The tidal Whitelake Channel of the river connects it to two disused short canals that were both built to serve the ball clay trade in the area. The Stover Canal heads to Teigngrace (with the River Teign also supplying the header pond); it was built to serve ball clay operations, but later it was the terminus of the Haytor Granite Tramway, carrying granite. The second connection was to the Hackney Canal, only 0.6 miles long, that connected the river to a ball clay quarry at Hackney Clay Cellars in Kingsteignton (now the site of a retail park), through what is now Newton Abbot Racecourse.

Personal watercraft[edit]

The river has been kayaked at least from Leigh Bridge (the confluence of the North and South Teign) at SX68358765 to Steps Bridge at SX80438835,[7] rated as grade 2 to 3. There is also a single high-grade, very technical drop.


The Teign estuary is known for flounder fishing; a British record specimen was caught here in 1994.[8] Other species include grey mullet in the estuary, brown trout further up the river and some salmon and sea trout throughout. Some coarse fish are caught in the lower reaches of Teign, although it is not officially a coarse fish river. This includes carp as far as the tidal marshes under the A380 at Newton Abbot.[9]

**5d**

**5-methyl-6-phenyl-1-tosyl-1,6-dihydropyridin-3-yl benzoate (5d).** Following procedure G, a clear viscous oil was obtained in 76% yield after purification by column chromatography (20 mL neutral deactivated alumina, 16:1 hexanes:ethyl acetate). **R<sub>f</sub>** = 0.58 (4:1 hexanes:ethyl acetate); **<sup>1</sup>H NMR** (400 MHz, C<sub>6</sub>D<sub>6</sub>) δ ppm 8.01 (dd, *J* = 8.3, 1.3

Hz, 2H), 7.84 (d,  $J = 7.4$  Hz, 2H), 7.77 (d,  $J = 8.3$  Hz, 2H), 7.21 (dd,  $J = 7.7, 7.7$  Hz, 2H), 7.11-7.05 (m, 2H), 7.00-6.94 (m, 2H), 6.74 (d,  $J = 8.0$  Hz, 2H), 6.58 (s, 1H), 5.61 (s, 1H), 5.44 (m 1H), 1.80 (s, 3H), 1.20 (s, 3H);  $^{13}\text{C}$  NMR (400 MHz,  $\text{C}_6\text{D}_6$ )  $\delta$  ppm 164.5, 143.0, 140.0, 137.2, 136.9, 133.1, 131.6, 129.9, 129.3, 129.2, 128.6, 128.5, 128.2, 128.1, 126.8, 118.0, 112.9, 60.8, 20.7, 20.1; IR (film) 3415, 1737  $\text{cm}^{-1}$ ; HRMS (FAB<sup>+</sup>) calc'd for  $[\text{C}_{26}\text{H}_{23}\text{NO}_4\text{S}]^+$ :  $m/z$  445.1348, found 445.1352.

See also[edit]


  1. ^ a b Eilert Ekwall, The Concise Oxford Dictionary of English Place-names, p.462.
  2. ^ "Tolmen Stone | Legendary Dartmoor". Legendary Dartmoor. Retrieved 17 April 2016.
  3. ^ "Dunsford Nature Reserve". www.devonwildlifetrust.org. Retrieved 17 April 2016.
  4. ^ Jusserand, J.J. (1891). English Wayfaring Life in the Middle Ages. Pub. T. Fisher Unwin, London. P. 69. Available online at www.archive.org.
  5. ^ Hawkins, Michael (1988). Devon Roads – an illustrated survey of the development and management of Devon's highway network. Exeter: Devon Books. p. 85. ISBN 0-86114-817-7.
  6. ^ "Navigation and Safety". Teignmouth Harbour Commission. Archived from the original on 5 February 2015.
  7. ^ UK Rivers Guidebook – South West England
  8. ^ "Flounder | Britishseafishing.co.uk". britishseafishing.co.uk. Retrieved 17 April 2016.
  9. ^ "River Teign". Carp Info. Retrieved 9 July 2016.

Further reading[edit]

  • Hemery, Eric (1983). High Dartmoor. London: Robert Hale. pp. 746–821. ISBN 0-7091-8859-5.

External links[edit]

  • [1] Video footage of the Teignmouth - Shaldon Ferry during the Shaldon Regatta